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Robertson v Wojakovski - Bankruptcy Class Action - Adjournment 


Whether to agree to an application to adjourn a bankruptcy petition is a routine decision for the court but often one of the most difficult to get right, especially where the petition has been adjourned once or more already. It is the subject of Zacaroli J’s recent judgment in Robertson v Wojakovski [2020] EWHC 2737 (Ch).

The debtor was the subject of a costs order arising out of proceedings in which he had become embroiled involving the Tonstate Group of companies and others which left him with debts in excess of £16m to the petitioner and supporting creditors.

Counsel for the debtor accepted that a petitioning creditor with an undisputed debt which remained unpaid was entitled ex debito justitiae to a bankruptcy order. He sought an adjournment of the petition, however, relying on the jurisdiction to adjourn to afford the debtor time to pay, the existence of which opposing counsel accepted.

The only authority cited to the judge in relation to the jurisdiction to adjourn was a passage from Muir Hunter on Personal Insolvency (7A-156 & 157), but that included commentary on a number of cases:  Re Gilmartin [1989] 1 WLR 513 Ch D;  Re Micklethwaite [2002] EWHC 1123 (Ch); Anderson v Kas Bank NV [2004] EWHC 532 (Ch); Harrison v Seggar [2005] BPIR 583; Nottingham City Council v Pennant [2009] EWHC 2437 (Ch); Ross v Revenue and Customs Comrs [2010] 2 All ER 126; and the Court of Appeal decision in Edginton v Sekhon and Sekhon [2015] EWCA Civ 816.

Counsel for the debtor contended that there was a reasonable prospect of his client’s being able to pay the petition debt within a reasonable time, but accepted that there was no such prospect of his paying the substantially larger debt due to the supporting creditors in a reasonable time. He submitted, on the case law, that it was sufficient to secure an adjournment to establish only that there was a reasonable prospect of paying the petition debt within a reasonable time. Opposing counsel, unsurprisingly, contended that the debtor had to demonstrate a reasonable prospect of paying the petition debt and any undisputed debt owed to supporting creditors.

The judge noted that the passage from Muir Hunter and the cases cited there referred to an adjournment by reference to the possibility of repaying “the petition debt” within a reasonable time; the position where there were undisputed debts owing to supporting creditors did not seem to have been considered. He thought, however, that the cases could not be regarded as authority against the proposition that debts owed to supporting creditors had to be taken into account when considering an application to adjourn on the basis of a reasonable prospect of payment.

In the alternative, counsel for the debtor contended that if it was necessary as a matter of law to show that there was a reasonable prospect of paying the debts due to the supporting creditors as well as the petition debt, there were special factors in the case which meant that the debtor should be given generous time to pay the latter by realising investments in companies which had featured directly or indirectly in earlier litigation.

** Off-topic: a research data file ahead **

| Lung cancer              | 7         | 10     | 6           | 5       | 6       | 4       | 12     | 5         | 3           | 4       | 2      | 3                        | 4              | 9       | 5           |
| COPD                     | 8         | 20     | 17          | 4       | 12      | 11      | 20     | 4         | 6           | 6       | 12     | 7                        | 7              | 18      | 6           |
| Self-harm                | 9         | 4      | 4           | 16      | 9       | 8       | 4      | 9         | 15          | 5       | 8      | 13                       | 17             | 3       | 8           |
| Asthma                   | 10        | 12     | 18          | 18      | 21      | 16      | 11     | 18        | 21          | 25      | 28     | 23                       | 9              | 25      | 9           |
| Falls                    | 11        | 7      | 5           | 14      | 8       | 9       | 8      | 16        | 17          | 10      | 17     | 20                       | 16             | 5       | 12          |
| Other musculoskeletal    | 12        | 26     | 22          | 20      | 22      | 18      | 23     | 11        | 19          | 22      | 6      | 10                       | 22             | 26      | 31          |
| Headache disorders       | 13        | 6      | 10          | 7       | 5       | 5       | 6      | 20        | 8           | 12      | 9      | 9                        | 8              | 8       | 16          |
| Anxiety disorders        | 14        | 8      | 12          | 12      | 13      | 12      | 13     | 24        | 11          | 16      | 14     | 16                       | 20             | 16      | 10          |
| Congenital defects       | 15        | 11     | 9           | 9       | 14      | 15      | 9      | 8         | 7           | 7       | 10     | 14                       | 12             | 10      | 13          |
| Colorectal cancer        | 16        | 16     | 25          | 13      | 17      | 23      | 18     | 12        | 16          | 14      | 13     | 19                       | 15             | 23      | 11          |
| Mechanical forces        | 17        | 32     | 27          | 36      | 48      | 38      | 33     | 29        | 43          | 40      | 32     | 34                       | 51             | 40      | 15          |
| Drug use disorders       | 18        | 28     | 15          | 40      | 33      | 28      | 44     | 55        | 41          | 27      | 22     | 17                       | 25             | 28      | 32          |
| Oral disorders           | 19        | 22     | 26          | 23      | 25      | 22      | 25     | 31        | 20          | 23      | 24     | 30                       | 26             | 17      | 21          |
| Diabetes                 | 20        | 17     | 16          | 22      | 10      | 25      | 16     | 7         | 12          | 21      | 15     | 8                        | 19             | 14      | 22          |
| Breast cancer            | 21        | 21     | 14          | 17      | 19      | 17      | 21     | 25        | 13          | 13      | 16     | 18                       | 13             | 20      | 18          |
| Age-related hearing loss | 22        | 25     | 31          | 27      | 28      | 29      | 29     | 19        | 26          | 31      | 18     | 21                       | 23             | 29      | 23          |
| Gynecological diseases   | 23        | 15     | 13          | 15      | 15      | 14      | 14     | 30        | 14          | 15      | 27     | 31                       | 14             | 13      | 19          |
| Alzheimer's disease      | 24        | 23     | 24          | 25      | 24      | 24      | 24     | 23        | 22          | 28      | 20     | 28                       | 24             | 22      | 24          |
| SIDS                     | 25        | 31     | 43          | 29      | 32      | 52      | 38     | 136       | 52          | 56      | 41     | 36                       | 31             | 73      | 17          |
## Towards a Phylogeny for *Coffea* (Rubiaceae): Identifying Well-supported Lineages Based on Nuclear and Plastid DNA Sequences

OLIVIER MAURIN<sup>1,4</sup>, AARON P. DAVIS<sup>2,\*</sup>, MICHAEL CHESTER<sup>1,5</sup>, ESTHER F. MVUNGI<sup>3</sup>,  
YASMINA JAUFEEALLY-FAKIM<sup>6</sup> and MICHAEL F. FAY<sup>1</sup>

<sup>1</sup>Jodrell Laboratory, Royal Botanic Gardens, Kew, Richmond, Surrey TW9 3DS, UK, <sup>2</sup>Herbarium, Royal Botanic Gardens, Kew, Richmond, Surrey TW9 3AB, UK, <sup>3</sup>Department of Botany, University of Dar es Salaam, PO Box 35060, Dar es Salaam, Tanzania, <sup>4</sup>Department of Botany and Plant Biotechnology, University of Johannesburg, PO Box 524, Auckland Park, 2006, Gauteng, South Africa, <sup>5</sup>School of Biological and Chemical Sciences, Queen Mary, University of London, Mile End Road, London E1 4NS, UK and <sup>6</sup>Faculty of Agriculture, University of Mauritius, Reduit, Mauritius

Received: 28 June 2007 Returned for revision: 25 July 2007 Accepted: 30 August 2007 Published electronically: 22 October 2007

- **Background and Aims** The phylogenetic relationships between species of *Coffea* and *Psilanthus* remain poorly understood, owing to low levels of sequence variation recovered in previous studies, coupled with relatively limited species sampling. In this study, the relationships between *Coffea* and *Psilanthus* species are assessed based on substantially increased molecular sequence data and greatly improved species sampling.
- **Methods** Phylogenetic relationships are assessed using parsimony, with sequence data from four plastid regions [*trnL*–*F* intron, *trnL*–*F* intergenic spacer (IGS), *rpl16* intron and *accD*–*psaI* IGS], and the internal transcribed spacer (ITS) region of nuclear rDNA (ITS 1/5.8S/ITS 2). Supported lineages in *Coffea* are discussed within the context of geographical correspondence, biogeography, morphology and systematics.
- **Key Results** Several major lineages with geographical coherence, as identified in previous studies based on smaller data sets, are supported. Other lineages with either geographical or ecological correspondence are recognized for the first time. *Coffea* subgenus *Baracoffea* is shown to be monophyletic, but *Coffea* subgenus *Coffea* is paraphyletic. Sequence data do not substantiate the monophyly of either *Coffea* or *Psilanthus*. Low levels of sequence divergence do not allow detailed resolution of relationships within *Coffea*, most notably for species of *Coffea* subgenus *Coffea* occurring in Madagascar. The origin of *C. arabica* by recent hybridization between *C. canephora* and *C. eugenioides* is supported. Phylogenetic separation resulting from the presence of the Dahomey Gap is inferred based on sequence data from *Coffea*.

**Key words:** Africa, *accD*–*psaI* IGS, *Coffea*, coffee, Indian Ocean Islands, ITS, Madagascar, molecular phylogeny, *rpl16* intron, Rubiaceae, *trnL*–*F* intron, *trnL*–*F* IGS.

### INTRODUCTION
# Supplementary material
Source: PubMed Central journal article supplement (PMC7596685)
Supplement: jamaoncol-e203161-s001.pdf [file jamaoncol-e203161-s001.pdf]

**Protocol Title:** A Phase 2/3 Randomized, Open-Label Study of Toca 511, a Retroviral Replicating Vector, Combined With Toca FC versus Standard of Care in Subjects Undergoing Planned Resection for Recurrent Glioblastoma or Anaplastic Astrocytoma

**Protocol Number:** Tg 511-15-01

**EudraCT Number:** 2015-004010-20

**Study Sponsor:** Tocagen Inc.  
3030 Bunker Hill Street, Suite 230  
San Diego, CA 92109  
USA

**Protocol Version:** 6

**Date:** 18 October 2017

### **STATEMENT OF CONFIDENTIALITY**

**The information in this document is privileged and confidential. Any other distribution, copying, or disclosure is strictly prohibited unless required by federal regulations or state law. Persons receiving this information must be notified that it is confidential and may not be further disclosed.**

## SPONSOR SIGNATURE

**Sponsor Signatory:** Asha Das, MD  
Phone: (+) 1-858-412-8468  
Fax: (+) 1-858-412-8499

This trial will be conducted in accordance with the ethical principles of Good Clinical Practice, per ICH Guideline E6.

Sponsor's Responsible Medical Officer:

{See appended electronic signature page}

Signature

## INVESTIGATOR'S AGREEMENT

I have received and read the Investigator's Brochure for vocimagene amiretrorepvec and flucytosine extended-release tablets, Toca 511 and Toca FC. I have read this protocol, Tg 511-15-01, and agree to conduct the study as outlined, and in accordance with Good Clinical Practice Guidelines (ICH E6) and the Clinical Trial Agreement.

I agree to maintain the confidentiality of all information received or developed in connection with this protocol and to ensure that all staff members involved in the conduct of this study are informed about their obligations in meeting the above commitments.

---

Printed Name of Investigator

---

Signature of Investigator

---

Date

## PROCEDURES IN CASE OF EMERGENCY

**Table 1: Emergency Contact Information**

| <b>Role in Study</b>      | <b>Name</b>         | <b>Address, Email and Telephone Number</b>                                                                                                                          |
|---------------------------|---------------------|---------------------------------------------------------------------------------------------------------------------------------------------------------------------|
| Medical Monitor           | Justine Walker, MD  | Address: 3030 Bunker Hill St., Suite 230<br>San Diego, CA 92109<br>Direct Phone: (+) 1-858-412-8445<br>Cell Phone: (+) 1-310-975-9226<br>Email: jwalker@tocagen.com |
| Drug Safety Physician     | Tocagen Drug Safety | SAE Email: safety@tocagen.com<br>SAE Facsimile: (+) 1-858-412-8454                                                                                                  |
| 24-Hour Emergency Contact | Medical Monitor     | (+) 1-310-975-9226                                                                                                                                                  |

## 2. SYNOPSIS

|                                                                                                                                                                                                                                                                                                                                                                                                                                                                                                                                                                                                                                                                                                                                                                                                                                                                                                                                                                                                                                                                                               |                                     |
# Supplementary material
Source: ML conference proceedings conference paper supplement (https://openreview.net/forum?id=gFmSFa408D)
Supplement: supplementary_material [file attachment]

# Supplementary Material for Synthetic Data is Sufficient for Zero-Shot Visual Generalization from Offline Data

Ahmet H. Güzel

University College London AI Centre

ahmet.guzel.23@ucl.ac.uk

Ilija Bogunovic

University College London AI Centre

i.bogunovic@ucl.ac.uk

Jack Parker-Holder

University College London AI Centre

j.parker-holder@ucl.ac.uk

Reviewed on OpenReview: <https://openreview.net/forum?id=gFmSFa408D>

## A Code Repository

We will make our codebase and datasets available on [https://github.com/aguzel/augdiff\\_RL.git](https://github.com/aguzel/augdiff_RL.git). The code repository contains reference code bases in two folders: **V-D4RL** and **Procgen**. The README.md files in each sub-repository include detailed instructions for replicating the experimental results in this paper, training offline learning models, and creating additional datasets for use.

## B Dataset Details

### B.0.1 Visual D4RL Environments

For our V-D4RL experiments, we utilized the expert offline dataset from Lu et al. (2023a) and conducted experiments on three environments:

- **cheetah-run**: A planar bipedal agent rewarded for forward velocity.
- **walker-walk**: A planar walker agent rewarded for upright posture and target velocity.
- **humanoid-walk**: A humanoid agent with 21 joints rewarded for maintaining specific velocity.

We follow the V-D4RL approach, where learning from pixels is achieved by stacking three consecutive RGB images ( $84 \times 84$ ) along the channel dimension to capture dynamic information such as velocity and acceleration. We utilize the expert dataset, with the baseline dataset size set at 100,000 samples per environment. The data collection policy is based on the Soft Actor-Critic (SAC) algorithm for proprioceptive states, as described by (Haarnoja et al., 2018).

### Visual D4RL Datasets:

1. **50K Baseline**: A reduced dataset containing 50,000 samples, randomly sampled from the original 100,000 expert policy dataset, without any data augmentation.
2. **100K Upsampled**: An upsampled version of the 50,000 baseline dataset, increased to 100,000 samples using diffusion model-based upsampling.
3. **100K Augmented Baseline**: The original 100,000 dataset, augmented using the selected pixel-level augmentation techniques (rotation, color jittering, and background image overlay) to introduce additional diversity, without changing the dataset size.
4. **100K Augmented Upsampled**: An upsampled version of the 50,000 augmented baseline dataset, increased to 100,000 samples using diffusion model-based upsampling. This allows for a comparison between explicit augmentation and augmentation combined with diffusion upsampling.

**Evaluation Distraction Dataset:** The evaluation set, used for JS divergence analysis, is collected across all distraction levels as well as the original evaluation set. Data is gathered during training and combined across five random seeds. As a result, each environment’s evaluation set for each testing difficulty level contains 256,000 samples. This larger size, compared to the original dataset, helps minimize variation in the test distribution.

The judge disposed of a number of issues of fact going to the debtor’s ability to raise funds to pay his debts and went on to conclude that that the legal arguments of counsel for the creditors was to be preferred:

“Bankruptcy is a class remedy. Where a creditor wishing to pursue bankruptcy proceedings against a debtor discovers that another bankruptcy petition has already been presented, then the usual course is for that creditor to give notice of intention to support the petition (under Rule 10.19) rather than to present its own petition. The giving of such notice entitles that creditor to be substituted as petitioner, in the event that the petitioning creditor is found to be not entitled to present the petition, or consents to withdraw it, fails to appear or seeks an adjournment (see Rule 10.27). If a debtor was able to pay the petitioning creditor, but not the supporting creditor, then the inevitable result of an adjournment to allow payment to be made to the former would be that the supporting creditor would apply to be substituted at the adjourned hearing. At that point (assuming there was no other defence as against the supporting creditor) a bankruptcy order would likely be made because the debtor could not pay the newly substituted petitioning creditor.”

He continued:

“In the event that a bankruptcy order was indeed made on the adjourned hearing, the payment made to the petitioning creditor would itself constitute a void disposition, unless consented to or ratified by the court, under s.284 of the Insolvency Act 1986. For these reasons, I consider that in order to justify an adjournment of the petition in this case, Mr Wojakovski would need to provide credible evidence of his ability to pay within a reasonable time both the petition debt and the debt due to the supporting creditors.”

The adjournment was thus refused and the judgment ended by foreshadowing the making of a bankruptcy order when it was handed down.

Zacaroli J’s reminder the class nature of insolvency proceedings is welcome and plainly correct. His judgment fills a small but important gap in the authorities.


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